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ELPENOR - Home of the Greek Word

Three Millennia of Greek Literature


Edwin Pears
Venetians and Crusaders take Constantinople (1204)
Plunder of the Sacred Relics

Part of Constantinople on the web section of Elpenor's history resources [15 Pages]













Page 11

    The emperors had been buried within the precincts of the Church of the Holy Apostles, the site of which was afterward chosen by Mahomet II for the erection of the mosque now called by his name. Their tombs, beginning with that of Justinian, were ransacked in the search for treasure. It was not until the palaces of the nobles, the churches, and the tombs had been plundered that the pious brigands turned their attention to the statues, A colossal figure of Juno, which had been brought from Samos, and which stood in the forum of Constantine, was sent to the melting-pot. We may judge of its size from the fact that four oxen were required to transport its head to the palace. The statue of Paris presenting to Venus the apple of discord followed. The Anemodulion, or “Servant of the Winds,” was a lofty obelisk, whose sides were covered with bas-reliefs of great beauty, representing scenes of rural life, and allegories depicting the seasons, while the obelisk was surmounted by a female figure which turned with the wind, and so gave to the whole its name. The bas-reliefs were stripped off and sent to the palace to be melted.

    A beautiful equestrian statue of great size, representing either Bellerophon and Pegasus or, as the populace believe, Joshua on horseback commanding the sun to stand still, was likewise sent to the furnace. The horse appeared to be neighing at the sound of the trumpet, while every muscle was strained with the ardor of battle. The colossal Hercules of Lysippus, which, having adorned Tarentum, had thence been transported to the Elder and subsequently to the hippodrome of the New Rome, met with a like fate. The artist had expressed, in a manner which had won the admiration of beholders, the deep wrath of the hero at the unworthy tasks set before him. He was represented as seated, but without quiver or bow or club. His lion’s skin was thrown loosely about his shoulders, his right foot and right hand stretched out to the utmost, while he rested his head on his left hand with his elbow on his bent knee. The whole figure was full of dignity; the chest deep, the shoulders broad, the hair curly, the arms and limbs full of muscle.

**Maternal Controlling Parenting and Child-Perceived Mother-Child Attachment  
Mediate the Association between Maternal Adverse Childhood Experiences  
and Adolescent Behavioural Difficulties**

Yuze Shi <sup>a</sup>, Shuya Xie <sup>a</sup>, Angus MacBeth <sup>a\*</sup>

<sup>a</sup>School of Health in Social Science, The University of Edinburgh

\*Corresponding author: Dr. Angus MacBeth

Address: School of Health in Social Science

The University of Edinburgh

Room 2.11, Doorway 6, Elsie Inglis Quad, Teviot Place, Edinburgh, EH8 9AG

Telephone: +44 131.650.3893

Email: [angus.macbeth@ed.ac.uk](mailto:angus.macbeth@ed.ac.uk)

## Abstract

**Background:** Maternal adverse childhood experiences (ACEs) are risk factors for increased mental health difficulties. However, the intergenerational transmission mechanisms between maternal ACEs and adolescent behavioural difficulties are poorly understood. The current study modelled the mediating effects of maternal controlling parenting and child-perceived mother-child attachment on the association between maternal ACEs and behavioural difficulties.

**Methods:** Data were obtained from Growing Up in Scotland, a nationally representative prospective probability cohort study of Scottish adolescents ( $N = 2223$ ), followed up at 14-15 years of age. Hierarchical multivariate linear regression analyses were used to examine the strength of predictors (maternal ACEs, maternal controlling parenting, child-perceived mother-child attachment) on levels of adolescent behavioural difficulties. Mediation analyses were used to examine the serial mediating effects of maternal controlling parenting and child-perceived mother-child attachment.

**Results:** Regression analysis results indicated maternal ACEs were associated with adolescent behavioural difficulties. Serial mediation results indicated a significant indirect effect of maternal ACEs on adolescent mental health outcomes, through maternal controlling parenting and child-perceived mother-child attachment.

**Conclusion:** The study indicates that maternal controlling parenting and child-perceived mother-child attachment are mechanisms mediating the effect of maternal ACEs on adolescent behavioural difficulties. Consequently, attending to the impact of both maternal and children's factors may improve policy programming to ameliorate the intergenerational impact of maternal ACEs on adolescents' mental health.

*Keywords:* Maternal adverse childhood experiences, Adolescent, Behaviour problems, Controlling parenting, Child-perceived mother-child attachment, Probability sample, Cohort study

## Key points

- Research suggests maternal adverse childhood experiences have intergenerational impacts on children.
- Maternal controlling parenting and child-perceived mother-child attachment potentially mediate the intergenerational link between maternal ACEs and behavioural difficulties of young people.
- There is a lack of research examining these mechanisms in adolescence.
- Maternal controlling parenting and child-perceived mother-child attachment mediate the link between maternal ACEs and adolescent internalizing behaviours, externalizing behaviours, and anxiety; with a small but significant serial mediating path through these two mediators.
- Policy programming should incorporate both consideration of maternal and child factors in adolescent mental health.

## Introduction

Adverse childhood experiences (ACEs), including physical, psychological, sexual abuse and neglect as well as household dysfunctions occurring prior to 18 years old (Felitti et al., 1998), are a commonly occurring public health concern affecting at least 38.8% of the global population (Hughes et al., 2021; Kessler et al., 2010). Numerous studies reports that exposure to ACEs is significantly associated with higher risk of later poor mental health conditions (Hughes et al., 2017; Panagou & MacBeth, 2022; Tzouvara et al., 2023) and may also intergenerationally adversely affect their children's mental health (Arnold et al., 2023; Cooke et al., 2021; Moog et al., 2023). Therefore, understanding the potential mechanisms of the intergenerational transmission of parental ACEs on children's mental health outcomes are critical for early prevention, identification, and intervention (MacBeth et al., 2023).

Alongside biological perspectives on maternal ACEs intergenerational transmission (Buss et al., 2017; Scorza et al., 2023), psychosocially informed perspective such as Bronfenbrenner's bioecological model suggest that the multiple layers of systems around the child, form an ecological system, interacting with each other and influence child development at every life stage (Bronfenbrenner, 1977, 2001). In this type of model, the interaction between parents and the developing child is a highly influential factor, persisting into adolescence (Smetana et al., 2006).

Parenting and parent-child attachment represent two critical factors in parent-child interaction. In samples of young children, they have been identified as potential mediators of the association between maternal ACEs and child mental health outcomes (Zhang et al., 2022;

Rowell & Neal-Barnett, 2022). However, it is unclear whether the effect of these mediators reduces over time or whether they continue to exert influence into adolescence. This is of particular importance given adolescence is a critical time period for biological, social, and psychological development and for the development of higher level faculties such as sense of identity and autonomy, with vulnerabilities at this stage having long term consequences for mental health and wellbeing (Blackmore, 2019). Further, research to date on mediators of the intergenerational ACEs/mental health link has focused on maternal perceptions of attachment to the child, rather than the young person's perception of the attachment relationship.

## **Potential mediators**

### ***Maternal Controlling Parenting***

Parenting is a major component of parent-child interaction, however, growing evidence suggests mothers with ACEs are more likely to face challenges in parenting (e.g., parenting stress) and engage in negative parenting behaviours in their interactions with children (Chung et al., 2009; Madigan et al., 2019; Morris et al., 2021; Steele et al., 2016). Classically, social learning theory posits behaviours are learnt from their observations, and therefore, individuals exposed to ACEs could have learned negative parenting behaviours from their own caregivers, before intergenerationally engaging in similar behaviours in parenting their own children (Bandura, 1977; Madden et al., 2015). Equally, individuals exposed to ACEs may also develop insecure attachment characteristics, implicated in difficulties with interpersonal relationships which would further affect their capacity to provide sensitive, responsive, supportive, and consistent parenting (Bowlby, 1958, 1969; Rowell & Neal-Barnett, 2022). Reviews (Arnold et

The figure of an ass and its driver, which Augustus had had cast in bronze to commemorate the news brought to him of the victory of Actium, met with the same fate.

    For the sake of melting them down into money the barbarians seized also the ancient statue of the wolf suckling Romulus and Remus; the statues of a sphinx, a hippopotamus, a crocodile, an elephant, and others, which had represented a triumph over Egypt; the monster of Scylla and others; most of which were probably executed before the time of Christ.

    The celebrated statue of Helen was destroyed by men who knew nothing of its original. There must be added to these the graceful figure of a woman who held in her right hand the figure of an armed man on horseback. Then near the eastern goals, known as the “reds,” stood the statues of the winners in the chariot races. They stood erect in their bronze chariots, as the originals also had been seen when they gained their victories, as if they were still directing their steeds to the goals. A figure of the Nile bull in deadly conflict with a crocodile stood near. These and other statues were hastily sent to the furnace to be converted into money. We may judge of the value and artistic merit of the bronze statues which were destroyed, by the specimens which remain. The four horses which the emperor Theodosius had brought from Chios and placed in the hippodrome escaped, by some lucky chance, the general plunder, and were taken to Venice, where they still adorn the front of St. Mark’s.

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